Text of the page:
There’s no doubt that UC Berkeley has an affordable housing problem. A university wide survey found that approximately 10 percent of undergraduate students experience housing insecurity during their time at UC Berkeley. This means that more than 3,000 students are sleeping in cars and libraries, crashing on couches or worse. It’s alarming that students at the No. 1 public university in the world, like many Bay Area residents, have to worry about finding shelter.
Chancellor Carol Christ has reaffirmed her commitment to alleviating the housing crisis time and time again. In some regards, she has followed through on her promises; already, we have seen Blackwell Hall open its doors to 752 lucky freshmen. In the coming years, we will see the rapid development of 7,000 student bed spaces as the university relinquishes its available real estate to a large, for-profit “master developer.” For students who are able to pay $1,800 a month for a shared residence hall room, the development of new housing is great news and will likely make housing easier to find.
But to most students who are middle- and low-income, development alone is not enough. Too often, the importance of affordability is left out of conversations about the housing crisis. This is especially true among university administrators. As one of two students sitting on the chancellor’s Housing Task Force, I had access to the discussions among Chancellor Christ and UC Berkeley real estate administrators. I have asked how they plan to house low-income students given the high cost of their development plan, and I have received no clear answers.
The consequences of not providing affordable housing to students are dire, and we are already feeling the impacts. In the 2016 Housing Survey, a student is quoted as saying, “I commute two hours every day to get to campus, riding my bike and BART for a total of > $100/month, on top of my outrageous rent. I just couldn’t afford an apartment closer to campus. And I still have to live with a stranger in a tiny, loud apartment.” Experiences such as this are common among undergraduate, graduate and postdoctoral students. If the university does not meet the demand for affordable housing, it will not be able to attract a student body with the diversity of background and experience that it prides itself on.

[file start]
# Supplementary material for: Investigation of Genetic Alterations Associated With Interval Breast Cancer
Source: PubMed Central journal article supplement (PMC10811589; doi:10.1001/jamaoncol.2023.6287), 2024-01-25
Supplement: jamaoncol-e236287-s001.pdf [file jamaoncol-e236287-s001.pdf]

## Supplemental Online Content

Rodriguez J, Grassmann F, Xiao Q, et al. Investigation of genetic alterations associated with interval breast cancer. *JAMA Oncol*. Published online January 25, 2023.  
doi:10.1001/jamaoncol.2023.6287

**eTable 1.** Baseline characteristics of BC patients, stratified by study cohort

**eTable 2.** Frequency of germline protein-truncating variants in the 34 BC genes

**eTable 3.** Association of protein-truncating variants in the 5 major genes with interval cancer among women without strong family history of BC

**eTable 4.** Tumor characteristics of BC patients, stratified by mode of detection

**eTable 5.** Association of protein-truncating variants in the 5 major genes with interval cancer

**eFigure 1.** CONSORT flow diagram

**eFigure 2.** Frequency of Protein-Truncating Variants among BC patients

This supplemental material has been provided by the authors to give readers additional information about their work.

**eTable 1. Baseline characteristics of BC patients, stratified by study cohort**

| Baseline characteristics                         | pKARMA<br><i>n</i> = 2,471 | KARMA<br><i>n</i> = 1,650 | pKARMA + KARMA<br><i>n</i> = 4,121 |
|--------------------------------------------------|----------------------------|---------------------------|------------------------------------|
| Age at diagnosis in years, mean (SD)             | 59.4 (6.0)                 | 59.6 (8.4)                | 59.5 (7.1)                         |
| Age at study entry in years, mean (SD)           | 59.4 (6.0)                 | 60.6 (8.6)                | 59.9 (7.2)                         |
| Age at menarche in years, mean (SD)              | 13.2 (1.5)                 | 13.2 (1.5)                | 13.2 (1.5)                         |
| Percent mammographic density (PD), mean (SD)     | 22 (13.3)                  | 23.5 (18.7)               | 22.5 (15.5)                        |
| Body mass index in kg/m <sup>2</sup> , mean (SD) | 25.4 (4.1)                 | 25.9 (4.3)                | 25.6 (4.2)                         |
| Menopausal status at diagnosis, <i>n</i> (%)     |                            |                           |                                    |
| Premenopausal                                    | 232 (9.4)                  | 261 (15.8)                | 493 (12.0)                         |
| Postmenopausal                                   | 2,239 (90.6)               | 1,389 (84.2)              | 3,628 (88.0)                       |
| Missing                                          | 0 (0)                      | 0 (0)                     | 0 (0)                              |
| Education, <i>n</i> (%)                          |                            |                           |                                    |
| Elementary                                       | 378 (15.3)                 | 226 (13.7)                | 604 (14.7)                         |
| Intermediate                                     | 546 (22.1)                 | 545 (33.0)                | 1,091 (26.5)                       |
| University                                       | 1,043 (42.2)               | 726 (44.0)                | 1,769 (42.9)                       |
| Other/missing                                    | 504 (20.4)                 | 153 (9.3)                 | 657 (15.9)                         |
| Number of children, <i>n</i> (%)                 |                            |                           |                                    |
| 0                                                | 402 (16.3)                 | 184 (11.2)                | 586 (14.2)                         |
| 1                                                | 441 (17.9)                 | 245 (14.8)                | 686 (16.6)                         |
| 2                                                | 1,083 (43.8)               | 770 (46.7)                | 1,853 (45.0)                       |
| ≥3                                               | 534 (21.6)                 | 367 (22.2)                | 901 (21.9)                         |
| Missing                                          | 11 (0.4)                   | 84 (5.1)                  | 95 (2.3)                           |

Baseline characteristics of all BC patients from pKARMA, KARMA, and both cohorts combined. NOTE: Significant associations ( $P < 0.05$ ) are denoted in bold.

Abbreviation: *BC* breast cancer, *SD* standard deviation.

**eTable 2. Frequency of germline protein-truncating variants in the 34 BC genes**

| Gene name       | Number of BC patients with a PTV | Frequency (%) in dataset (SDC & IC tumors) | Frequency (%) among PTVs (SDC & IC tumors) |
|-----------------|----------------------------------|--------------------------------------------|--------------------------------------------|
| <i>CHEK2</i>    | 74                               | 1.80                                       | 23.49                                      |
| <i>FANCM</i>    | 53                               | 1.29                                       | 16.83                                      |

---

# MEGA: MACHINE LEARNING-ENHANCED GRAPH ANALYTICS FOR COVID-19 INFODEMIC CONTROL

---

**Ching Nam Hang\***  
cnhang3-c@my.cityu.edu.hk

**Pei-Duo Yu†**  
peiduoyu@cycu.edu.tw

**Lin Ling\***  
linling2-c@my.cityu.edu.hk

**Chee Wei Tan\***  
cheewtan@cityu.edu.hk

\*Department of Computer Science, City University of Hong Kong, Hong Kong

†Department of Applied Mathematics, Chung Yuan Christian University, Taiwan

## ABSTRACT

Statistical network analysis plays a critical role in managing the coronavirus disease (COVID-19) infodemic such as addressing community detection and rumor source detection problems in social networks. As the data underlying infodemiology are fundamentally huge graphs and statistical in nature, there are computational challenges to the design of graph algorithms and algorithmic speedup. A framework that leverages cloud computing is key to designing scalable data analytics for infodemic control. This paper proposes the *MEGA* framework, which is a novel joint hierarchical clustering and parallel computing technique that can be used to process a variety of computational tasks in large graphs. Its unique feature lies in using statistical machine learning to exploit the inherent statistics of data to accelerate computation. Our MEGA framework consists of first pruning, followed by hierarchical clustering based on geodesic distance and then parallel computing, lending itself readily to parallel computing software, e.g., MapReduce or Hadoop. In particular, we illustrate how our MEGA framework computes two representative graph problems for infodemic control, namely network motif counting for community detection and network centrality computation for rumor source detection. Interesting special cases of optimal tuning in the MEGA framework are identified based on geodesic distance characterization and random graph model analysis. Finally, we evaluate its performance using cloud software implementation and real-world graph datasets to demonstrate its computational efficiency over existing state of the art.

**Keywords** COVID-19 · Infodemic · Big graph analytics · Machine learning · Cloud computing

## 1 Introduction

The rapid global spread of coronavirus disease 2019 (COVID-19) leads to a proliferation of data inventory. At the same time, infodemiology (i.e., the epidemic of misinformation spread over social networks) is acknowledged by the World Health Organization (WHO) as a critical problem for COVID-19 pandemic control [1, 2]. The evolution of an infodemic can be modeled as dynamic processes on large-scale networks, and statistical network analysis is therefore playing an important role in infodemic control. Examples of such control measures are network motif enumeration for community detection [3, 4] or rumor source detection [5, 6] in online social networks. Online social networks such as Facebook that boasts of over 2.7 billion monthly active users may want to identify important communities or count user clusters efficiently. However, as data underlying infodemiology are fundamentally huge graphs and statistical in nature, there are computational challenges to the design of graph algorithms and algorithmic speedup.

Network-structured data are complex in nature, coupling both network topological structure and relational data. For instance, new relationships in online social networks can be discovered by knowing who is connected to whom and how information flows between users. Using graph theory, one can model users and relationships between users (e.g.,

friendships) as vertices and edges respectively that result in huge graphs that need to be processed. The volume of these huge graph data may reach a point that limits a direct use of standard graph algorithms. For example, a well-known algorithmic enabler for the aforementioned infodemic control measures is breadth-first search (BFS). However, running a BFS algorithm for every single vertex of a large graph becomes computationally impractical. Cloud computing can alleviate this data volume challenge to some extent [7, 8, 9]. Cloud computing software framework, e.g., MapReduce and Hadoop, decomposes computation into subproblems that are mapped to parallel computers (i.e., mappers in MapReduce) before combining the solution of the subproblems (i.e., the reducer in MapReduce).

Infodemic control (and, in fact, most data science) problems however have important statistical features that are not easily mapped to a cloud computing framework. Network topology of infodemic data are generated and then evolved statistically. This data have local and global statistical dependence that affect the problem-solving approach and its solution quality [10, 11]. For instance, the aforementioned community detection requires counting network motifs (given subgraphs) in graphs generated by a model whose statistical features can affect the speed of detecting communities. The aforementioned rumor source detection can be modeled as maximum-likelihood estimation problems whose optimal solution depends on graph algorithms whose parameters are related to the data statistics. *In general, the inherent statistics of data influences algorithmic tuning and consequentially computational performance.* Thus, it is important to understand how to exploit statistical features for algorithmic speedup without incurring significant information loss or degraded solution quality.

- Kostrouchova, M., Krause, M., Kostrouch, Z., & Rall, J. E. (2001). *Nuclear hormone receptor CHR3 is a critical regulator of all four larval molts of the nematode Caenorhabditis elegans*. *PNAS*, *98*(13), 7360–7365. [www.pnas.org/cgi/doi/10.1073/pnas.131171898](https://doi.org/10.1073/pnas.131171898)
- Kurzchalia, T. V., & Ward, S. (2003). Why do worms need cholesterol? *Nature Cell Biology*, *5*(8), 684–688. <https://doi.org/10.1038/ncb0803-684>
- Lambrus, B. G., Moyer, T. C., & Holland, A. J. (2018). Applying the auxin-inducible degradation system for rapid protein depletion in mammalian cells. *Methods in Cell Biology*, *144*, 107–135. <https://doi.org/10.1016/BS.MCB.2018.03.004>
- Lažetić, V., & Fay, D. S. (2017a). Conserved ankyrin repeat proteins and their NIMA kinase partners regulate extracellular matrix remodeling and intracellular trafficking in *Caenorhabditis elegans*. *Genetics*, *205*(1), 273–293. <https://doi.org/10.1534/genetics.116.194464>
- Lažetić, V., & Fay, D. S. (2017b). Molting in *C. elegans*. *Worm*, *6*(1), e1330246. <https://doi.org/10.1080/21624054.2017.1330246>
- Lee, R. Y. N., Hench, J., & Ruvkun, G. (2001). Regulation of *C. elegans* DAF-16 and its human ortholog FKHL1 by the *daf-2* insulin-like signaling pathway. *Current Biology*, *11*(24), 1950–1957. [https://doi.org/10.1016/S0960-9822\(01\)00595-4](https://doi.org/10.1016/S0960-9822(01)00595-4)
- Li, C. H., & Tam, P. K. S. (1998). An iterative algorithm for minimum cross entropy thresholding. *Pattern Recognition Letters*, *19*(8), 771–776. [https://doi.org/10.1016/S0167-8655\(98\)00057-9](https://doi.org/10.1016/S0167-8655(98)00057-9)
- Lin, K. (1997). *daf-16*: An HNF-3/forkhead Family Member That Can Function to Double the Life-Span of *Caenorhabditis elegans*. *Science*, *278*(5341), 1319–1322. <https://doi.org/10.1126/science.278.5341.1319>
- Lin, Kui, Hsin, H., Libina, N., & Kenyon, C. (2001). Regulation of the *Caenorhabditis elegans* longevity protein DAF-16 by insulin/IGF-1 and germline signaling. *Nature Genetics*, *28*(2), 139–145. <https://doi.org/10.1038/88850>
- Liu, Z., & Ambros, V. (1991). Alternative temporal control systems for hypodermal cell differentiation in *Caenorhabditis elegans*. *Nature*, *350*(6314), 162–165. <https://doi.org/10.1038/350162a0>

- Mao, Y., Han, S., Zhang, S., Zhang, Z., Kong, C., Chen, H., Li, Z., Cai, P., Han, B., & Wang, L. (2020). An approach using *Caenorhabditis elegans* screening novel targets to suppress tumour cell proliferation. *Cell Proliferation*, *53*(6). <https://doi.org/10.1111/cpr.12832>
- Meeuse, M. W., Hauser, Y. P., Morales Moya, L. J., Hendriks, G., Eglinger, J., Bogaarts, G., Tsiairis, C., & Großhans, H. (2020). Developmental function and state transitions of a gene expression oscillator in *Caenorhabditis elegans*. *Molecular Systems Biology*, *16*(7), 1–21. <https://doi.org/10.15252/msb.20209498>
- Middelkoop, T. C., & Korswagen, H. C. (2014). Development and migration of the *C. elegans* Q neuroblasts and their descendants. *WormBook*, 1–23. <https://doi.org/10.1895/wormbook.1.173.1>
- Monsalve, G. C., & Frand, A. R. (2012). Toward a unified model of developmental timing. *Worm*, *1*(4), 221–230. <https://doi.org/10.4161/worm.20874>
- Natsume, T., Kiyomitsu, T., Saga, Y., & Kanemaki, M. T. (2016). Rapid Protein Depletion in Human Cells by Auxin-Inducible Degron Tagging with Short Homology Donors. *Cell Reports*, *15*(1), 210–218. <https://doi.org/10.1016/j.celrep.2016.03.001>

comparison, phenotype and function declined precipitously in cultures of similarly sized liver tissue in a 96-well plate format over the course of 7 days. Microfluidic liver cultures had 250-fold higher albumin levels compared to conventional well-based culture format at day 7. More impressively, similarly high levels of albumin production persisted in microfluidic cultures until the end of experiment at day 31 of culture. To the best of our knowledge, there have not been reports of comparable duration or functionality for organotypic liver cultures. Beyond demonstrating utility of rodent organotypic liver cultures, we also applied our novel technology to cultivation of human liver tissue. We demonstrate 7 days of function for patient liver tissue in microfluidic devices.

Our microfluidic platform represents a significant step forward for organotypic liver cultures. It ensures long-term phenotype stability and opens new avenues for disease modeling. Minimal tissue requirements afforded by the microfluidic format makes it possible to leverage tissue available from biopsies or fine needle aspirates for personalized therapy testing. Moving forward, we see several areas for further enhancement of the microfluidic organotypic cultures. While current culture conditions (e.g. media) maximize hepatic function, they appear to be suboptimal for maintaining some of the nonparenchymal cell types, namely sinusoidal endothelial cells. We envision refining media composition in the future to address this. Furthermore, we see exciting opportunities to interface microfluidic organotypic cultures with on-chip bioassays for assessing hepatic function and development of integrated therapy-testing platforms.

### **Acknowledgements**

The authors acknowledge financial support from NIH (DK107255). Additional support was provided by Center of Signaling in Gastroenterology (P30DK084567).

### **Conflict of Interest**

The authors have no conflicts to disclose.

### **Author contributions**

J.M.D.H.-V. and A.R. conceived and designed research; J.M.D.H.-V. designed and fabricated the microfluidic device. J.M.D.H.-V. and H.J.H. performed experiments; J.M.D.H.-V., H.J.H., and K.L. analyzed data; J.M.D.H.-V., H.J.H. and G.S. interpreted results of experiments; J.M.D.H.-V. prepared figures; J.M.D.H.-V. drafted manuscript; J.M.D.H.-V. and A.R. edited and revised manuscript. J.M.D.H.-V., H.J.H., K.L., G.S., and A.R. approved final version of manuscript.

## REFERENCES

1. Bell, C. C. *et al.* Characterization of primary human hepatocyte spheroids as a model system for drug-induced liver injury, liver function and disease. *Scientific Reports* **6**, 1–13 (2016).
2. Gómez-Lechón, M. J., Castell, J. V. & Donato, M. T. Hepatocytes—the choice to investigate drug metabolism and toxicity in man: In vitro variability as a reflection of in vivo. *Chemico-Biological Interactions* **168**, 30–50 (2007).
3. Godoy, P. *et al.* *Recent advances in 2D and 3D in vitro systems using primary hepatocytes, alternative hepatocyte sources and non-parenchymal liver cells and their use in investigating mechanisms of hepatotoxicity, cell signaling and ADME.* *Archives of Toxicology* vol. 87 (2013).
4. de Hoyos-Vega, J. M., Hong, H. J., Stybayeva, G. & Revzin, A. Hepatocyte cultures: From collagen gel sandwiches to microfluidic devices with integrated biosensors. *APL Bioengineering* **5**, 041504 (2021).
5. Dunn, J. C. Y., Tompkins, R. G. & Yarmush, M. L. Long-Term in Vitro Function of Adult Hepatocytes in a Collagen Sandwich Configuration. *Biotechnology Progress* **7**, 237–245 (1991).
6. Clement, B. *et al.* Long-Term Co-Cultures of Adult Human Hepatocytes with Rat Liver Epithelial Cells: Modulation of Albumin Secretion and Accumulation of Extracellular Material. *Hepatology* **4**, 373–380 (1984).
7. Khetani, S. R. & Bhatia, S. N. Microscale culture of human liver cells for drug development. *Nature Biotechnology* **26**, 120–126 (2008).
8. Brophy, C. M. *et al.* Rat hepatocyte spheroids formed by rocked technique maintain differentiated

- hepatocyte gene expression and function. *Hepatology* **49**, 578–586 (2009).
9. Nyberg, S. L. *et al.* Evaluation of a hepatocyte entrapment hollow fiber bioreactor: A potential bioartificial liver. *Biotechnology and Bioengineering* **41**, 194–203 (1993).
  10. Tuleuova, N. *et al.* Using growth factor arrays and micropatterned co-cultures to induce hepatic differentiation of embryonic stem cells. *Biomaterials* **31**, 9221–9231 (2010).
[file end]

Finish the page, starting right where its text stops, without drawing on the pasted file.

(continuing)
Currently, the Berkeley Student Cooperative, or BSC, is the only affordable housing available to students. The BSC is a 501(c)(3) nonprofit that houses more than 1,300 students in 20 properties near campus at the range of $460 to $880 depending on the living accommodations, which include cooked meals and an open pantry of healthy food, as well as study spaces, job opportunities and an inclusive community. Since 1933, the BSC has been democratically run by students for students, ensuring that rates will always reflect the student budget.
Low-income students make up approximately half of the BSC’s population, and we intend to increase that number to at least 75 percent over the next few years. With housing prices and tuition on the rise, many of these students would have to drop out of UC Berkeley without this affordable housing option. The BSC is stepping in to fulfill our public education promise, and the demand for its services will only continue to grow. University administrators need to recognize the impact of the BSC and should actively work to support us.
In the past, UC Berkeley has collaborated with the Berkeley Student Cooperative by providing long-term leases. This allows the university to provide more affordable housing to its students without having to do any additional work or spend any additional money. Cloyne Court Hotel is on a 10-year lease to the BSC by the university for $1 per year. In return, the BSC commits to maintaining and improving the property and housing students. Fenwick Weaver’s Village is also under university ground lease to the Berkeley Student Cooperative. The BSC developed the land into apartment complexes for more than 350 low-income students. The lease for Fenwick Weaver’s Village will soon be up for renewal. So, the BSC and UC Berkeley have a history of working together, and this needs to continue. This history should not be forgotten but should be used as a template for the future of student housing. UC Berkeley does not have to hand everything over to profit-driven private developers as it currently plans to. To do so would be an enormous detriment to the livelihood of its student body.
The affordable housing problem in Berkeley is severe, but it has a clear solution. By working with and supporting the Berkeley Student Cooperative, the university can ensure that low-income and marginalized students have access to higher education.